SharedStreets lets maps talk to one another by relying on a fundamentally different way of conceptualizing the street.
Typically, transport-related data is defined by spatial coordinates (like latitude and longitude) that describe the location of features. We also use attributes (like street names) that describe their properties. But transport systems are only quasi-geographic; the location of a street matters, but so does its role within the whole network of streets and intersections. That’s why it’s so hard to work with disparate datasets. For example, a city’s GIS file and a company’s speed dataset may have a different understanding of exactly where a street centerline is located, or exactly how to describe it (First Street, 1st Street, FIRST ST). The maps may be referring to the same thing, but they will never agree based on their coordinates or properties. Combining these datasets involves cumbersome and imprecise methods like spatial processing (buffers, spatial joins, and other proximity-based operations) or string-matching (joining by name or other attributes).
Instead of a geographic model, SharedStreets uses a “network dimensional” model. We conceptualize the street as a path that runs between two intersections at a certain bearing, defining it based on its role within the transportation network. The precise geometry doesn’t matter. The precise name and other fields don’t matter. We might have datasets that define the street in slightly different ways, but we can agree that we are talking about the same thing, and we can refer to it in a common way. Now, we have a shared language for the world’s streets.
Linear referencing makes it easy for different base maps to refer to each street in a common way. For each street, we determine the location of the start and end intersection, the bearing between these for the first 20 meters, and the length of the street.
This is encoded in a Reference ID, which is a series of letters and numbers. The Reference IDs may seem arbitrary, but they are actually a format called a hash, which encodes geographic information — similar to latitude and longitude, but in a single field and with more detail. SharedStreets generates a global set of street reference IDs, using geometries from OpenStreetMap. The resulting data tiles are updated regularly.
SharedStreets References are directional edges in a road network. Therefore, two-way streets have two Reference IDs, one for each direction of travel, while one-way streets only have one Reference ID. Each street also has a Geometry ID that encompasses both directions — similar to a street centerline.
We can then take other input datasets, like a city’s GIS centerlines, and match them to the SharedStreets reference dataset. As long as the streets are similar enough, they will match to the SharedStreets system and be assigned the same geometry ID and reference ID(s). These IDs can be used in any database or GIS software to easily link maps to one another so that data can be shared between them.
Matching point and segment data
Point data (like bike racks) and segment data (like parking zones) are matched in a similar way. The input data are matched to the nearest street and snapped to it at a 90-degree angle. The results include the SharedStreets Reference ID (SSRID) for each point, as well as its location along the street. Points include one location; line segments include the start and end location.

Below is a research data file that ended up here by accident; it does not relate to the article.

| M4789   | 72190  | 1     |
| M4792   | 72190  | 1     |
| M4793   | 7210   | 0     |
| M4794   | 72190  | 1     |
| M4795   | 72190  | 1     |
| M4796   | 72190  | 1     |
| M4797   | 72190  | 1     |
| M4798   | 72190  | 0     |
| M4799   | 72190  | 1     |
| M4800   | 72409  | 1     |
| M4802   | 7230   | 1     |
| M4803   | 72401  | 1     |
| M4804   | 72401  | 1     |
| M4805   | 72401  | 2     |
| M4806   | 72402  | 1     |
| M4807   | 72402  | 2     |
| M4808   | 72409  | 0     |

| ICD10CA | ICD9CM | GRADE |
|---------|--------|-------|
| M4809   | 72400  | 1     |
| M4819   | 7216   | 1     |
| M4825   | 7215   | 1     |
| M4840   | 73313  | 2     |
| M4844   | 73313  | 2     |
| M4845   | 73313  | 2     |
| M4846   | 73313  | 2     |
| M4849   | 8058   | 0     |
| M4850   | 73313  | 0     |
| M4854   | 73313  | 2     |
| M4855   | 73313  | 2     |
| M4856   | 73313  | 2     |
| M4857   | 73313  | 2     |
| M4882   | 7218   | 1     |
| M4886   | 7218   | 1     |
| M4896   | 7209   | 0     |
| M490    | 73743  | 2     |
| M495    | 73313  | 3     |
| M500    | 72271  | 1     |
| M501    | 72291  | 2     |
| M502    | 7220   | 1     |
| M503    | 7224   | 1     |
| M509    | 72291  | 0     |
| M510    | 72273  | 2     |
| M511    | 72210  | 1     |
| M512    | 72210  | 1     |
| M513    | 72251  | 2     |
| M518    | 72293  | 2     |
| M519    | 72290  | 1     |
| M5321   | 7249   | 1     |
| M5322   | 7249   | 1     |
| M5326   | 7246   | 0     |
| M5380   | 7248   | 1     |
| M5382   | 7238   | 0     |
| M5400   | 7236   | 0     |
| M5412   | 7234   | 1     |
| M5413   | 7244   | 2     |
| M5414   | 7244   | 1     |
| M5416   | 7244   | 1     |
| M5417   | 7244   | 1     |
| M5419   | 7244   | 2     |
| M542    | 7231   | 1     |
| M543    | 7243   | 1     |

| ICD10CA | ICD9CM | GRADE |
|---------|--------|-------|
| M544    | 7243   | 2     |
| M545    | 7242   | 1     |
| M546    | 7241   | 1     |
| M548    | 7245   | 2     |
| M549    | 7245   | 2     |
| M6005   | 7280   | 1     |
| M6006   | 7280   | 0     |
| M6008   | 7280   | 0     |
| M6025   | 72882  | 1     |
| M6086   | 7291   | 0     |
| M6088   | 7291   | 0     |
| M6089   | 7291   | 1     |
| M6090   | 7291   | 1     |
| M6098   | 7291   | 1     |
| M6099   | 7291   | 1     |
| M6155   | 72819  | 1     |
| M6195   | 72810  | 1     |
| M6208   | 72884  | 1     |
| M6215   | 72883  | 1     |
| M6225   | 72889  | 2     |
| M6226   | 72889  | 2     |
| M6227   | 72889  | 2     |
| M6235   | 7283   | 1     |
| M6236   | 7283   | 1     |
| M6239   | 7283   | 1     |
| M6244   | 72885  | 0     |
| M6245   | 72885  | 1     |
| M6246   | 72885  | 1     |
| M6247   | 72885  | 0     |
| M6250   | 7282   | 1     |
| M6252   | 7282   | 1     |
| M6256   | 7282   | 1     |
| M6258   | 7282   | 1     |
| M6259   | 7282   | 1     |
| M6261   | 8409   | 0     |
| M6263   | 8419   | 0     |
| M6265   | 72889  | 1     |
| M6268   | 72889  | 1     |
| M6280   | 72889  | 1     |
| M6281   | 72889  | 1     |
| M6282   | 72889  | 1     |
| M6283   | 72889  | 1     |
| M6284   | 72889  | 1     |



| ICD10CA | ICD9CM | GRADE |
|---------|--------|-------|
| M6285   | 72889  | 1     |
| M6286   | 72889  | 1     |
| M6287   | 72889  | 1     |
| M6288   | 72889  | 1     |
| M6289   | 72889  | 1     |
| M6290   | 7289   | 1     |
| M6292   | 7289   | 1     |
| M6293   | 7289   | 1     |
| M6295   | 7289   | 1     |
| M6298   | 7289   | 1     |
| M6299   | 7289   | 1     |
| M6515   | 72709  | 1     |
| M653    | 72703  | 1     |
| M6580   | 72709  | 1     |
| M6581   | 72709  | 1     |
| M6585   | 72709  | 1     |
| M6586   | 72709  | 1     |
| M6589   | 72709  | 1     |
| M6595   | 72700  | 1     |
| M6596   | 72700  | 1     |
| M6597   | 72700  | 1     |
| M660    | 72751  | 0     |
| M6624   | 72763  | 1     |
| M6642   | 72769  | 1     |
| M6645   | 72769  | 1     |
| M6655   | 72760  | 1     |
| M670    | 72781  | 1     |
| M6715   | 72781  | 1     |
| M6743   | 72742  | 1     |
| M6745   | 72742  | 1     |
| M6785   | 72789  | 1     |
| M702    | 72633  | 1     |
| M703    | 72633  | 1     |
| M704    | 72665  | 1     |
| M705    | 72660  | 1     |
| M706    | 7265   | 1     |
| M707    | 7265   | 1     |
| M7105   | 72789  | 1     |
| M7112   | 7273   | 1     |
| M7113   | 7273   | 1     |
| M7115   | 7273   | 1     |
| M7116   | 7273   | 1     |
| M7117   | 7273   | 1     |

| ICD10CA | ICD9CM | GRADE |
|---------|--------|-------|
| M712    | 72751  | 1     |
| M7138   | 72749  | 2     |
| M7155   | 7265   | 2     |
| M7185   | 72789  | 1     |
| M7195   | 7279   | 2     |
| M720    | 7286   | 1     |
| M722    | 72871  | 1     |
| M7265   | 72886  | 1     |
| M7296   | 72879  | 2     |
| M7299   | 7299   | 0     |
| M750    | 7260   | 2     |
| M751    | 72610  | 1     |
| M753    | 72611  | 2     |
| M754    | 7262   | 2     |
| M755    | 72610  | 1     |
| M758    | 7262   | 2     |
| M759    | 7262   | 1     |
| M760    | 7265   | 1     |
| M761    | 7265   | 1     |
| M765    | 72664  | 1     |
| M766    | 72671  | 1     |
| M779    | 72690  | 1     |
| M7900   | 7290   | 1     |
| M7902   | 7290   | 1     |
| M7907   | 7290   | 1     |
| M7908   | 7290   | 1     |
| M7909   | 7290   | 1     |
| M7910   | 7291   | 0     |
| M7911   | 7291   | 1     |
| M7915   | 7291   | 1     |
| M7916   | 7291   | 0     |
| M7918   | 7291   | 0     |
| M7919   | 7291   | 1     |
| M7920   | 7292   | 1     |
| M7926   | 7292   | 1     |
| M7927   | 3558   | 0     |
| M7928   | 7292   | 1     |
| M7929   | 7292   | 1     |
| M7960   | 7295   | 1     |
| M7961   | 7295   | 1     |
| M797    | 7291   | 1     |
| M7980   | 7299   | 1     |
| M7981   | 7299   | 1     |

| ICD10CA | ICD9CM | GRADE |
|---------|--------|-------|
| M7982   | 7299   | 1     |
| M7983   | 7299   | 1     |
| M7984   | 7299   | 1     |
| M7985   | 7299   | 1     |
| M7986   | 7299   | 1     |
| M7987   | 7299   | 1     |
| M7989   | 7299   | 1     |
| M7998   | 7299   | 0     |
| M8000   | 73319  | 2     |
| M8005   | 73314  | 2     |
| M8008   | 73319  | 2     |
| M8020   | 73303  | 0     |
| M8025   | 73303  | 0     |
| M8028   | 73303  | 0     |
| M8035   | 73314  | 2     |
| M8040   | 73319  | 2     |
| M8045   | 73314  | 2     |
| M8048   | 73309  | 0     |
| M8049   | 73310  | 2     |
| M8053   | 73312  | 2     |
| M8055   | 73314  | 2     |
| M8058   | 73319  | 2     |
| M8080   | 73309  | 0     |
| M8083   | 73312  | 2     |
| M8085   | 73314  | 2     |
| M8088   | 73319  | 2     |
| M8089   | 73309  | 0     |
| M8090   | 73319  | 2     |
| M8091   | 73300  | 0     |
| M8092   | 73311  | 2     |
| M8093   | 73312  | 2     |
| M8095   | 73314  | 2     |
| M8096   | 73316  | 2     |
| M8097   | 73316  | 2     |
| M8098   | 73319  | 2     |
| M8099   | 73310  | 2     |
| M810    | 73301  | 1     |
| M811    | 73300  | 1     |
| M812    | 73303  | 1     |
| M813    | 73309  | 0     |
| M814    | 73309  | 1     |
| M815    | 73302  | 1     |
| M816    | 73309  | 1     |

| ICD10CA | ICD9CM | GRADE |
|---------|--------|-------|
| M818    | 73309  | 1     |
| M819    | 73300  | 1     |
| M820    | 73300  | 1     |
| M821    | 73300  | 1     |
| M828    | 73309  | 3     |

With these tools, users can take standalone datasets and link them to the street based on their location along it. Below is an example using an open parking dataset in the city of Seattle. The entire dataset has been matched using SharedStreets. Each feature’s Reference ID and start and end location can be used to link it to other datasets, like taxi and rideshare pick ups and drop offs, micromobility availability, and pedestrian infrastructure. This enables planners to analyze how space along the curb is allocated, how this space is being used, and whether the appropriate infrastructure is in place.
Matching lots of points or segments
Small datasets, such as bus stops or bike racks, can easily be matched using the basic method above. For larger datasets, binning and aggregation are used, according to the following method:
Users can set the approximate bin size and the matcher will divide streets into segments to achieve that target bin size. Results can be addressed using the SharedStreets Reference ID, the target bin size, and the bin’s position in the array. You can read more about our aggregation methods here.
Using this method, dense point data can be binned and aggregated to describe overall street usage. The example below uses data for rideshare and taxi activity in Washington, DC. In this case, hotspots for pick-ups and drop-offs are shown. The data are binned into 10-meter intervals and visualized as proportional circles, offset to help illustrate the side of the road on which they took place. The data can also be analyzed based on particular time periods or other attributes.
Data can also be visualized along street segments. The example below shows speeds for roads in Bogotá, Colombia. To create this data, myriad GPS points have been transformed into street-linked, binned, and aggregated data.
Through these methods, binning and aggregation enable users to take a deluge of raw data and turn it into meaningful metrics, like hourly scooter availability or average road speed or peak-hour TNC and taxi activity. These can be aggregated by street, street section, neighborhood, or other areas of interest.
Binning and aggregating offer an added benefit: privacy protection. Some raw data feeds, include data that describe individual trip locations. By aggregating sensitive data into total metrics for a given street or area, we avoid the need to store individualized trip data, reduce risk for cities, and protect individuals’ privacy — a core value of SharedStreets.